It won't be an easy year: Thanks to UConn's academic woes and the NCAA's stricter Academic Progress Rate punishment, the Huskies -- who lost in the first round of the NCAA tournament in 2012 and lost Jeremy Lamb and Andre Drummond to the NBA draft, as well as forwards Alex Oriakhi and Roscoe Smith to transfer -- are ineligible for postseason competition in 2012-13.

Ollie was emotional in his introduction, thanking his young family and former teammates and coaches and the players with whom he is about to embark on a challenging journey. He also thanked the fans, the "UConn family," promised diligence in the face of challenges ahead and said he wasn't bothered in the least by the lack of a long-term commitment from the university.

"I played the first six years in the NBA without a guaranteed contract, so this is easy," he said. "Whether it's two months, three months, I'm not going to stop until they tell me to stop.

"As I embark on this journey, we're going to take the stairs and not the escalator," Ollie said. "The escalator's for cowards. It's going to be one step at a time, but we're going to get there. ... It's not about X's and O's and winning and losing -- it's about these guys becoming special people. When they leave here, judge me on that. Judge me on that. And the wins and losses will come."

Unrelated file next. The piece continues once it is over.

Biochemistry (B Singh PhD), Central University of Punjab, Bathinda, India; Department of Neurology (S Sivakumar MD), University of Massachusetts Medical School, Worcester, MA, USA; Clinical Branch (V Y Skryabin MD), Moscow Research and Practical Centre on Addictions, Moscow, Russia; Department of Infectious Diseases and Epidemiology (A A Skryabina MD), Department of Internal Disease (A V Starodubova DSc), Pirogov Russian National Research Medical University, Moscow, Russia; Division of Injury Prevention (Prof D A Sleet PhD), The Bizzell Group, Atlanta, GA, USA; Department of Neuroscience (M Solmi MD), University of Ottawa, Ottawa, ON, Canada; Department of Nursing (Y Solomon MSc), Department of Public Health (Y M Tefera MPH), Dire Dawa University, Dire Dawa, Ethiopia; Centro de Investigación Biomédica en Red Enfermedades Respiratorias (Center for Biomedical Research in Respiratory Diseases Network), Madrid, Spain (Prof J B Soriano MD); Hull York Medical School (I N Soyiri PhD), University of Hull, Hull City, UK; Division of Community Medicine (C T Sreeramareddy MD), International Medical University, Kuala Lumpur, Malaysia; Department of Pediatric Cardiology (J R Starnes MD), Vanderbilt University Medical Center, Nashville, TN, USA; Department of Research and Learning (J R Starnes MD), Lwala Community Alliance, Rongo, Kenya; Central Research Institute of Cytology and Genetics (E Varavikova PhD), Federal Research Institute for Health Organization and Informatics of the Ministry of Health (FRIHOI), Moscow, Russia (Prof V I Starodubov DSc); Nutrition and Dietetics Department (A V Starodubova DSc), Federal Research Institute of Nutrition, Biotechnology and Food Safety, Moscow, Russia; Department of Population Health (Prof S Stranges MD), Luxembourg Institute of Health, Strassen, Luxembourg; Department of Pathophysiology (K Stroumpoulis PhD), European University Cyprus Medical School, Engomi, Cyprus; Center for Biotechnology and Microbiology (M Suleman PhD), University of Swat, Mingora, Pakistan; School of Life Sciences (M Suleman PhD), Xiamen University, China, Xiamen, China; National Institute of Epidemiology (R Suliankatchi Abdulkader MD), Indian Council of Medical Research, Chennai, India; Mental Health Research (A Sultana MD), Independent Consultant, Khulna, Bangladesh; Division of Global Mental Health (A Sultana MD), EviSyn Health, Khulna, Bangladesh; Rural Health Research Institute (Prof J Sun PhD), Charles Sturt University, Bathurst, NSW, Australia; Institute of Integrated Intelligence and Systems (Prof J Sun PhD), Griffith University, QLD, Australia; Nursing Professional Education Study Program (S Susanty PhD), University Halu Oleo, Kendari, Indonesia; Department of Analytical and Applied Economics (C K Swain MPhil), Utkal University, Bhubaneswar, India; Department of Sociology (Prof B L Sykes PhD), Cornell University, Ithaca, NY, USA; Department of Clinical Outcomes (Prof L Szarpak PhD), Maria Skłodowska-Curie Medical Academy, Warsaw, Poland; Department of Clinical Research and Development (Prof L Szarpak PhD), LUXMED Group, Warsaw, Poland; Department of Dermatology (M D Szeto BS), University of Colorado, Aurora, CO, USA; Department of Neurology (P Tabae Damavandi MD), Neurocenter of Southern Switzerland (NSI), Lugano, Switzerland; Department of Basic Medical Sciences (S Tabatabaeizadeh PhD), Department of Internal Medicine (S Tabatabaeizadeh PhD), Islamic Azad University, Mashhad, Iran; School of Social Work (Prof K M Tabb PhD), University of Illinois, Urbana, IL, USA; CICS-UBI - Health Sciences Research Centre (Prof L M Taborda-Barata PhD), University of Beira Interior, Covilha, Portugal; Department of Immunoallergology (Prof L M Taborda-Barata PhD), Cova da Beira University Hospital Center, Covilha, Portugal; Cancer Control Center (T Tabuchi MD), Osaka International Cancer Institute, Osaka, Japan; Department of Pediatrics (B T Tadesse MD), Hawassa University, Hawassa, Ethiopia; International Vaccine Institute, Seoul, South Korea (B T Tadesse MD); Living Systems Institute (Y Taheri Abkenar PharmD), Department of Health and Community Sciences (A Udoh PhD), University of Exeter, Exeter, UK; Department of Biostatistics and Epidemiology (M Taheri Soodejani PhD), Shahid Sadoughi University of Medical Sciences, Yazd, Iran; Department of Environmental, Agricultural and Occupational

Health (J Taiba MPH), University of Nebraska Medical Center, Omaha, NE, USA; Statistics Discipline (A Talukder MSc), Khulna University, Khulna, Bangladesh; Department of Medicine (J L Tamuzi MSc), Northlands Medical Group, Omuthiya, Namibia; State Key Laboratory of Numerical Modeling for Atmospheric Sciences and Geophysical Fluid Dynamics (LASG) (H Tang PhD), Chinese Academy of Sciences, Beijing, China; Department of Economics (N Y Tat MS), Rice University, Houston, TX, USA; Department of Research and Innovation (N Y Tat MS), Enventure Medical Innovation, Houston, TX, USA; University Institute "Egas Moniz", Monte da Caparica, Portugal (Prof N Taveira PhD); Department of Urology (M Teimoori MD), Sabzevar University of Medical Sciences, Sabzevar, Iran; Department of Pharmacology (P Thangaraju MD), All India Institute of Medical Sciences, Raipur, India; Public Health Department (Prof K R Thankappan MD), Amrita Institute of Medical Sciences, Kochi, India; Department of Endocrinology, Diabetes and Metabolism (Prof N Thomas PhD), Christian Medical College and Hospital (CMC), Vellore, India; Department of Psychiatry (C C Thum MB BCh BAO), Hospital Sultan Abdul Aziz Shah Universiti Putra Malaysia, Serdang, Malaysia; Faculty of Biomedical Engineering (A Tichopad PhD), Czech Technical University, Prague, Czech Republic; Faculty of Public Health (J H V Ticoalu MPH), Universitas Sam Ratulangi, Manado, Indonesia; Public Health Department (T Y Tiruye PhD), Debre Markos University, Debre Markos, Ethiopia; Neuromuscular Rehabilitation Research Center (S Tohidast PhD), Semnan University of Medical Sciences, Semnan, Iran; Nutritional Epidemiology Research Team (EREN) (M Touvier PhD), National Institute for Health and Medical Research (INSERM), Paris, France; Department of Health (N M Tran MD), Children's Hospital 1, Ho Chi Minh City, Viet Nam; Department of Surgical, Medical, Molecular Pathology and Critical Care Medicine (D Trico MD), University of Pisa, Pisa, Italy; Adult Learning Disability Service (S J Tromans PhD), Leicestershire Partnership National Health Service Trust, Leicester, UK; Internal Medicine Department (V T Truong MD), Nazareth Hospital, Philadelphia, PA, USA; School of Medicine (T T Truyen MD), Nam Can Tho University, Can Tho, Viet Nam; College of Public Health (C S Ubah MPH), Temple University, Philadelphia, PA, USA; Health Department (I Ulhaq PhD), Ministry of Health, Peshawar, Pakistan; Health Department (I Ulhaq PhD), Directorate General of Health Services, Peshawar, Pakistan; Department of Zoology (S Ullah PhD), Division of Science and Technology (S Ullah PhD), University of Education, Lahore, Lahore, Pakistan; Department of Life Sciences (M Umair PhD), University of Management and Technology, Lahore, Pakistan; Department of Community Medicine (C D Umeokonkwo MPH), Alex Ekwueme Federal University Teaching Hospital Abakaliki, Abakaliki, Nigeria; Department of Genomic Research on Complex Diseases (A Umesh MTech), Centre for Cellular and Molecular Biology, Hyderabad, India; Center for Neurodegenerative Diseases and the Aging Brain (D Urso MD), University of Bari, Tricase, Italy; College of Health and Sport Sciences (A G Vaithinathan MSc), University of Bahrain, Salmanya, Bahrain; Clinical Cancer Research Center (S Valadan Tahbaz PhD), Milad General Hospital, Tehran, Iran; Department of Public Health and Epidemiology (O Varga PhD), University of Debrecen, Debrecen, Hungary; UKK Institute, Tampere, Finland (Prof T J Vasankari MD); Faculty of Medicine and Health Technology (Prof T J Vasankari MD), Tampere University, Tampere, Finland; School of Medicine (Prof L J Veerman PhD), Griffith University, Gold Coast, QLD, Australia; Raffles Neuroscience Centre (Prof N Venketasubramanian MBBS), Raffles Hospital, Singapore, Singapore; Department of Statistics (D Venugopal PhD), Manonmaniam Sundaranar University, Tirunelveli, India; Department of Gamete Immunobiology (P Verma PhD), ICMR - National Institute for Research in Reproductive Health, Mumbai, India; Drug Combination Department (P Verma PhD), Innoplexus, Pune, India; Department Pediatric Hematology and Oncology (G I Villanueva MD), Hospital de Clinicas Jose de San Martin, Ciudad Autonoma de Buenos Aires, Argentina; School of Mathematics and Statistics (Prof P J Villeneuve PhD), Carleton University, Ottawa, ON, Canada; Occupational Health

Few things in college sports are more challenging then transitioning away from a legendary tenure. Other powerful basketball schools -- most notably (and recently) Indiana and North Carolina -- have seen pristine programs struggle to maintain excellence for years after the departure of monolithic coaches Bob Knight and Dean Smith.

But Calhoun made it clear he'll never truly lose his passion for the game, or for what he's built in nearly three decades in Storrs. Rest assured, he'll be there every step of the way.

"To me, the gym is a place of comfort, of competition, to seek excellence, a place to grow," Calhoun said. "I'll miss the gym greatly. But I can't and I won't get away from basketball.

"I've already told the guys, I don't want to hear about playing time," Calhoun said. "Talk to Coach Ollie about playing time. But what I do want to hear -- I can look at you in sort of a different way. The personal involvement will still be there. The passion from game to game won't be. Therefore I can objectively look at [players] from a whole different set of circumstances. I'll see them more individually. I'll have more time for them.

"And I will be at practice," he said.

(Stay tuned for more on Calhoun's retirement and the UConn transition from ESPN's Andy Katz.)